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Memories (Tony Penny)
brought a mothering [nursing?] chair at a charity auction for 22½d which
she had re-upholstered by Mr and Mrs Frost of Jessamine Cottage.
Derek, their son, once formed a little choir made up of Congregational
Church Sunday School children in which Barbara took part, practising in
this same cottage. Unfortunately, the name of the choir escapes me.
Although her father was a faithful Church of England man, Barbara
preferred the Congregational church as it was less formal. Barbara
was also a member of school teacher Mrs Fletcher's choir, 'The Golden
Teddy Clarke was
one of the village characters and lived at 36 Marford Road. His job was
to deliver groceries in a hand cart for the Marford Stores [at the top
of Necton Road] when the proprietor was Mr Bangs, as stated on the
barrow. A Mr and Mrs Oldfield were the owners in Barbara's time,
followed by Mr and Mrs Marshall and their son Don, who sold a complete
range of fresh groceries, fruit and veg. Ham and bacon were cut to
order, so beautifully fresh.
lived with his aunt and Teddy Clarke. His mother Rose had a pet monkey
which she would take for walks sitting on her shoulders to the delight
of children. Brian's nickname was ‘Oddy’ as was his father’s before
him. Oddy senior used to play the piano in the Nelson public house for
the good old sing-a-longs as were had in those days with everybody
joining in with the singing (the equivalent of today's karaoke I
suppose). Oddy's hands were huge, as were needed in his trade of
Barbara was born
in the half-timbered cottage next door but one to Mrs Thompson’s grocery
down in the Dell, Lower Gustard Wood. She went to a nursery school in
High Ash Road run by Mrs Beadle of the Three Oaks public house. She had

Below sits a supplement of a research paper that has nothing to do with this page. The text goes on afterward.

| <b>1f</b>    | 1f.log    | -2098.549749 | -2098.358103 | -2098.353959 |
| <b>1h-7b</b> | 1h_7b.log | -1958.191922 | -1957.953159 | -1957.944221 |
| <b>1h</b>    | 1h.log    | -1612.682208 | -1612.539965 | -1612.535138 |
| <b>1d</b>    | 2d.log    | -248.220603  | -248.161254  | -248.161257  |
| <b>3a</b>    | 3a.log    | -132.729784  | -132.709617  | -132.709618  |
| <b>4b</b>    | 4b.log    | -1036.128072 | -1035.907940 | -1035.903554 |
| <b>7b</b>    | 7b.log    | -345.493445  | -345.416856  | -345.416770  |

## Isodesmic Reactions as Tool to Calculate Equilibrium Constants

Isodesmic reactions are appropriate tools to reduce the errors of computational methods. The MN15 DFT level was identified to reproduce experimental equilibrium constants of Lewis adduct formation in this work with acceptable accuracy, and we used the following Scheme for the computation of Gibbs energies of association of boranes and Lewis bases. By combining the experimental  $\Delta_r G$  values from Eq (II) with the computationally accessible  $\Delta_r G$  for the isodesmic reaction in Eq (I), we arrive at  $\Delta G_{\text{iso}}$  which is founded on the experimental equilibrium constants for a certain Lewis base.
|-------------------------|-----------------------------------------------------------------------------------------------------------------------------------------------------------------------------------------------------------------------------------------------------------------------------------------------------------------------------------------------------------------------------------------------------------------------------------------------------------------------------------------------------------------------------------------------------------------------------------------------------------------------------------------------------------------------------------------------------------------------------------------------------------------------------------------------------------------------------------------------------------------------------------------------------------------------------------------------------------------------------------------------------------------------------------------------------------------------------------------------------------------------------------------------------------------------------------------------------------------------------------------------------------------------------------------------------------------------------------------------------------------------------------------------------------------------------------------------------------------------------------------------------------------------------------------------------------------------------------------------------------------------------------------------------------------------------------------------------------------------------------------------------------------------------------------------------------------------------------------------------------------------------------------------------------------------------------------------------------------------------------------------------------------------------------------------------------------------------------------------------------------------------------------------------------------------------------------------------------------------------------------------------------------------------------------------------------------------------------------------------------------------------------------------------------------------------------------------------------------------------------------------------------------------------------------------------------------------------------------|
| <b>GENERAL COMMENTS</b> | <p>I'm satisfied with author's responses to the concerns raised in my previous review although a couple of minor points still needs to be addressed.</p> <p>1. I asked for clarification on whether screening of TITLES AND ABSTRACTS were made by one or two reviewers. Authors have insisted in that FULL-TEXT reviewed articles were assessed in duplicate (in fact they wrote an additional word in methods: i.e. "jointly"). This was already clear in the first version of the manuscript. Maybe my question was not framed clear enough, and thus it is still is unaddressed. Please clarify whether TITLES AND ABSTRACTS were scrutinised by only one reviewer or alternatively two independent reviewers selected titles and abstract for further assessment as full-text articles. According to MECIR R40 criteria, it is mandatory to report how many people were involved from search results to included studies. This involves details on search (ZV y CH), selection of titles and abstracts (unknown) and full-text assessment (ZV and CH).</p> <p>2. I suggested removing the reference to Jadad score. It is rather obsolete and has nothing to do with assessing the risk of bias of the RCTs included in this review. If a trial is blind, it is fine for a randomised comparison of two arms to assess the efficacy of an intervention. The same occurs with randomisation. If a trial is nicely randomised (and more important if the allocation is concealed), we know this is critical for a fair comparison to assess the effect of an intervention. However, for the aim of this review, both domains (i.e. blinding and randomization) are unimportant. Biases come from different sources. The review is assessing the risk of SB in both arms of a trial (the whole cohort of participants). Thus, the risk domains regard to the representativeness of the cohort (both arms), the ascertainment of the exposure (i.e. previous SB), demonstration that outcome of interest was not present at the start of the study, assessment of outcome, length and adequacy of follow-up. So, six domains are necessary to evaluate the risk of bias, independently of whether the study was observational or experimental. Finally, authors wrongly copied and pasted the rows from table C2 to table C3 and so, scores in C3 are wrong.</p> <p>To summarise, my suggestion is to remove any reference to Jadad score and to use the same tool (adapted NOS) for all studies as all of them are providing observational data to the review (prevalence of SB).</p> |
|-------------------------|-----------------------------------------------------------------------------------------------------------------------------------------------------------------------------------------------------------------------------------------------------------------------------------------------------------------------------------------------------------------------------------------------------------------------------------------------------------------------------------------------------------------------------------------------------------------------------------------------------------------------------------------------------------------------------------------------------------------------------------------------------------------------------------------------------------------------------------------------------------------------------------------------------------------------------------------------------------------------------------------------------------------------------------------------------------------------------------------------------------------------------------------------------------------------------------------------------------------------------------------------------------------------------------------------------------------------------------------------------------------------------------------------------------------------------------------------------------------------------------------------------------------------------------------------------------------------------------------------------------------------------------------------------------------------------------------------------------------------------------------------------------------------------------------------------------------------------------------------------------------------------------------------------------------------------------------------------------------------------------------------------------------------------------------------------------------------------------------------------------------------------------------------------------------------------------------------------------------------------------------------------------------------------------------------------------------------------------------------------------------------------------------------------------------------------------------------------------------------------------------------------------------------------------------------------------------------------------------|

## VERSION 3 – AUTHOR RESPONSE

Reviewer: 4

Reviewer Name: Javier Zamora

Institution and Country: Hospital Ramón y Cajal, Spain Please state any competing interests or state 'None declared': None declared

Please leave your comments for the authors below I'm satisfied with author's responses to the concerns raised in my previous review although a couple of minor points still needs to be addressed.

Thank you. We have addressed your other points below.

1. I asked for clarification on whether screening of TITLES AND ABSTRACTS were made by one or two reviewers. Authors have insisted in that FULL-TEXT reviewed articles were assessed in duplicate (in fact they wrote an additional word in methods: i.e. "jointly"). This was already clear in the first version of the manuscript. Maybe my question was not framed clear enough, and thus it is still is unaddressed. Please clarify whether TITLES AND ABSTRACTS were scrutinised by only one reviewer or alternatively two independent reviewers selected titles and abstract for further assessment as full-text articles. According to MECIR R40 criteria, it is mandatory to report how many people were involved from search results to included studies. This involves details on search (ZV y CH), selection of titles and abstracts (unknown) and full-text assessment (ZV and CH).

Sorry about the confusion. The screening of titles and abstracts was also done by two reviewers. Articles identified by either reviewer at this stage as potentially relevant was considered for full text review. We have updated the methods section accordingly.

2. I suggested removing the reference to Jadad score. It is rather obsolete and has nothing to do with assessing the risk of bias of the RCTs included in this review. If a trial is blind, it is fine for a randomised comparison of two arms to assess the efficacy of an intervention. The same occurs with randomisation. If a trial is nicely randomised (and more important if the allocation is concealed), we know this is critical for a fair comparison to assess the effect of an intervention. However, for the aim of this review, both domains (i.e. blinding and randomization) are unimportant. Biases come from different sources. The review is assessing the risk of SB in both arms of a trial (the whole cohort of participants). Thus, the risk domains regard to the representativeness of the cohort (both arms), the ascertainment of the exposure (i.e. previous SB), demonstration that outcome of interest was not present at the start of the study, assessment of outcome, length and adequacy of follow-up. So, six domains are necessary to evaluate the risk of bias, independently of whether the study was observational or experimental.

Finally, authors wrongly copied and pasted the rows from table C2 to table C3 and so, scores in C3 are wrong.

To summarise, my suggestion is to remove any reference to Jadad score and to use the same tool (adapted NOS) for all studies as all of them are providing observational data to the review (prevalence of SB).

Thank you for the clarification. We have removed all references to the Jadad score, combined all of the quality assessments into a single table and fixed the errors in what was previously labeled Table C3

a daughter, Christine.
Anthony lived at
3, Norfolk Cottages on the road between Bride Hall and Shaw's Corner
until 1954. He particularly remembers the winter of 1947 when the well
pump froze and they had to trudge across the fields with buckets to a
standpipe by a cattle trough. A signal had to be given to a member
of staff at Bride Hall who in turn would switch this standpipe on.
They had paraffin lamps and candles for lighting, and the lavatory
facilities were very primitive (no mains drainage). All this until
they moved to Caesars Road in 1954. A Major Day was the landlord.
Mr R. de Mornay Davies (born 1879) lived for a while with his sister Mrs
Evelyn Chamberlain (mother of film star Cyril Chamberlain) at Guelders
Cottage Lower Gustard Wood before moving to The Dell. He had an
office in a property adjoining Pearce's newsagent in the Wheathampstead
high street. There was so little work during these times for a
solicitor that he would spend his time travelling to Somerset House in
London paying 7/6 each visit to search out the family history.
hairdresser’s in Church Street was run by Bert Knight. Tony
remembers Bert giving him a short back-and-sides prior to doing his
national service in the RAF. Bert Knight was also hairdresser to
George Bernard Shaw. In a small room at the back of Bert Knight’s
hairdressers was also the ladies. Barbara on one occasion plucked
up courage to go for a hairdo. She dreaded the use of the
frightening- looking hair driers. During her time under the said
contraption she noticed steam coming from under her seat. On
raising the alarm a very apologetic assistant came to her rescue
explaining that it was only the kettle that had been switched on just
before she was put under the drier.
on the Dump
One of Anthony’s
and his brothers’ and friends’ play areas were the dumps where in the
moonlight they had great fun trying to kill rats. His Uncle Walter
Drury drove a Rushton Bucyrus (RBIG) crane for Inns and Co. and Wally
Overman (aptly named) was the supervisor. Wally's records of loads
and weights are now at HALS. Brother Bob drove the ash tipping
truck along the miniature railway line which ran along the top of the
bank of the already covered rubbish. During this Bob found a puppy
among the ash. This became a lovable pet named Monty after Field
Marshal Montgomery. Also among the rubbish could be found 7 lb